As Jesus continued his journey to Jerusalem, he traveled through Samaria and Galilee. As he was entering a village, ten lepers met him. They stood at a distance from him and raised their voice, saying, “Jesus, Master! Have pity on us!” And when he saw them, he said, “Go show yourselves to the priests.” As they were going they were cleansed. And one of them, realizing he had been healed, returned, glorifying God in a loud voice; and he fell at the feet of Jesus and thanked him. He was a Samaritan. Jesus said in reply, “Ten were cleansed, were they not? Where are the other nine? Has none but this foreigner returned to give thanks to God?” Then he said to him, “Stand up and go; your faith has saved you.” (Luke 17:11-19)
What a poignant Gospel passage! One to which we should respond as if we had a serious itch. But since we can’t reach the source of the itch, we try to forget it and move on but find that we really can’t.
The issue here is not simply one of non-gratitude. It is also an issue of moral leprosy. Moral leprosy in the sense of our mortal selfishness. A selfishness, at times, that blinds us to the source of our life and of our salvation. Truth is that too often in our lives – unless we are ” bargaining” with God – we don’t take the time to say thank you to Him for even the simple things in life.
You and I have been there many times. We allow our wants, needs, fears and desires to overshadow the true gifts from God. We enjoy a sunset over the ocean but before we give thanks, we see a large sailboat and wish it was ours. We have the basic necessities to live a decent life but before we give thanks, we remember what we don’t have. We have dear relationships with a friend or relative but before we give thanks, for their presence in our lives, we push them away because they don’t agree with our politics.
Who among us does not feel in some degree convicted by this warning? Who among us has failed to remember, or even notice, the goodness, mercy and love of God, and the blessings lavished upon us in Jesus Christ our Lord?
Ingratitude is an ugly thing and in stark contrast to the beauty of gratitude. Not to live with an attitude of gratitude towards God is more than being impolite – ingratitude is ugly because it’s positively unjust. Gratitude, on the other hand, is one of the most beautiful flowers in the whole garden of virtue. It directly contradicts self-centeredness, self-indulgence, and self-absorption. It builds bridges, unites communities, and softens hearts. It encourages and inspires. It cuts through discouragement and counteracts depression. It opens the soul to the truth and releases anxiety. It brings smiles and gladness wherever it blooms. What a pity that it is as rare as it is lovely!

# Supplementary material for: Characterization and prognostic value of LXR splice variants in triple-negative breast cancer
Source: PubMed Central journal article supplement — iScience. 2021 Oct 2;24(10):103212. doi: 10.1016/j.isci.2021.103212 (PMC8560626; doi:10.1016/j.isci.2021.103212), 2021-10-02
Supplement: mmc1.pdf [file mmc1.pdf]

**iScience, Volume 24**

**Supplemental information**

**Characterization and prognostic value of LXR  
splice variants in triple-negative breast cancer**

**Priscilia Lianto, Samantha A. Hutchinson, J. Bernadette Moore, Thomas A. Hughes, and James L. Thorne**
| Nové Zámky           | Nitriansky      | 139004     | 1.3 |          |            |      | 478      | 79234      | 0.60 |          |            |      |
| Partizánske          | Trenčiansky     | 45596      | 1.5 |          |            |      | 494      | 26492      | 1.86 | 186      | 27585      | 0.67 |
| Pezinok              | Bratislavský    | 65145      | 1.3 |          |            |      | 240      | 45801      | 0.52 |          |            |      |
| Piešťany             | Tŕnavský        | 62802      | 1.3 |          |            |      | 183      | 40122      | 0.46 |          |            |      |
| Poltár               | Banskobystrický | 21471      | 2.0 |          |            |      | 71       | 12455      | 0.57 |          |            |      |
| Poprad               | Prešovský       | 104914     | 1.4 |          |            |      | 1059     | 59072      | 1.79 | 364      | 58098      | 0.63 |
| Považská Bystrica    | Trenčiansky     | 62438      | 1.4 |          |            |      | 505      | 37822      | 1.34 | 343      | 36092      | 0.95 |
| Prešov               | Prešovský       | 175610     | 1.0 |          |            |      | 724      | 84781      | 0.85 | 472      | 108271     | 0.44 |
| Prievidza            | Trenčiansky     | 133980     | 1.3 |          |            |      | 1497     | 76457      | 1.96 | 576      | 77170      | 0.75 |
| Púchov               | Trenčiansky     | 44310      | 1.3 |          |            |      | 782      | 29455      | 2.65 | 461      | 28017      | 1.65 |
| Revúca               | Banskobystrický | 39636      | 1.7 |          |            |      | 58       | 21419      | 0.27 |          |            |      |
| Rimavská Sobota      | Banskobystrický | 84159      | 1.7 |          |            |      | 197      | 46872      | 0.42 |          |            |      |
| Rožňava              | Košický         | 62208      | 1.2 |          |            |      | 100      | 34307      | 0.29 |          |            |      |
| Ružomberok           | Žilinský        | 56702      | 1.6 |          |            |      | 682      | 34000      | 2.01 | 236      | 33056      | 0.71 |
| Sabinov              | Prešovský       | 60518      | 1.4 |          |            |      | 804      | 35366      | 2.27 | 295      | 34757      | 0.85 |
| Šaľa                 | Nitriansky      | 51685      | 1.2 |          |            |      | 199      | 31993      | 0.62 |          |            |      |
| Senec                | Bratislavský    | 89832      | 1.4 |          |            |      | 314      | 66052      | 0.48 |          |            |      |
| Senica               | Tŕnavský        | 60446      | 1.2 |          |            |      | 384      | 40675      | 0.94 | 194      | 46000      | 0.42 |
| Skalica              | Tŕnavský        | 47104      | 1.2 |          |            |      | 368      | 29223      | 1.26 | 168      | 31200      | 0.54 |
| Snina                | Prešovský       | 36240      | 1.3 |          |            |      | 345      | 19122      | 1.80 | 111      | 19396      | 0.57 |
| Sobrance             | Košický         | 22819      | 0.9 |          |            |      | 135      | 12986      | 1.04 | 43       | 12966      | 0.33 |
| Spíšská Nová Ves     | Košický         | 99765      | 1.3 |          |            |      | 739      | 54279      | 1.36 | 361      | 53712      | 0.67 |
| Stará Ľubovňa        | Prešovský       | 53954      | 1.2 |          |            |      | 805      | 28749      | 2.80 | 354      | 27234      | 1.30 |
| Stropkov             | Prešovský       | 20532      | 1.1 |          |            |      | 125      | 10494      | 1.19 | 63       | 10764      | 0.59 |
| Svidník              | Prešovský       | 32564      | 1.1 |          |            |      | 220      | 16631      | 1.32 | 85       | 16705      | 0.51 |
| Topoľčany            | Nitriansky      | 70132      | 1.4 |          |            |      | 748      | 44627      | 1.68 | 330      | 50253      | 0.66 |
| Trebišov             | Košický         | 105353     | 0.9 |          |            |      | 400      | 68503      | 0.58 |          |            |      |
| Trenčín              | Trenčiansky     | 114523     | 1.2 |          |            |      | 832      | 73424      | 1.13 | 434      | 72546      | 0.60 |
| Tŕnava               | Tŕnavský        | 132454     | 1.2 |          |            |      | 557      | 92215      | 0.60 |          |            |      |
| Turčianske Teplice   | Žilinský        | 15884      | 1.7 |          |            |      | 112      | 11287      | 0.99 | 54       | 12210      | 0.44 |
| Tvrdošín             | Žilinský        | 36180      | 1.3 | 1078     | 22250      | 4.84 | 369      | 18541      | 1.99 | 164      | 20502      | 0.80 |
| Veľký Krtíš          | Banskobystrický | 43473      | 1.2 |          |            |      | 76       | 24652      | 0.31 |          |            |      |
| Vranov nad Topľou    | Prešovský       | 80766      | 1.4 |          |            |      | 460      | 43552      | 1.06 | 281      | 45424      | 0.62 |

Giving thank ls also a powerful attribute because of what it does to us. When we give thanks, we are no longer passive recipients; we become active givers, giving back to One who has given us what we do not deserve. When we become active givers, God places us on another level another level capable of receiving even more from him. By giving thanks for what he had received, the leper was capable of receiving more from God. Indeed, he did receive more he was saved. Saved by God’s mercy, he was now capable of receiving still more, of growing in intimacy with God. God invites us into a personal relationship today.
Prayer of The Day
Lord Jesus, Fill my heart with compassion and thanksgiving, and free me from ingratitude and discontentment. Help me to count my blessings with a grateful heart and to give thanks in all circumstances.
A true measure of our faith is our ability to acknowledge and to celebrate the source of our well-being when life is good and we have no felt need for healing. A more telling measure is our capacity to say a simple word of thanks to all those who mediate to us the goodness of a compassionate and merciful God, whatever our circumstances. Our faith is our life and God comes to us, in many ways, throughout our life. Don’t miss Him because you allow your universe to cloud His.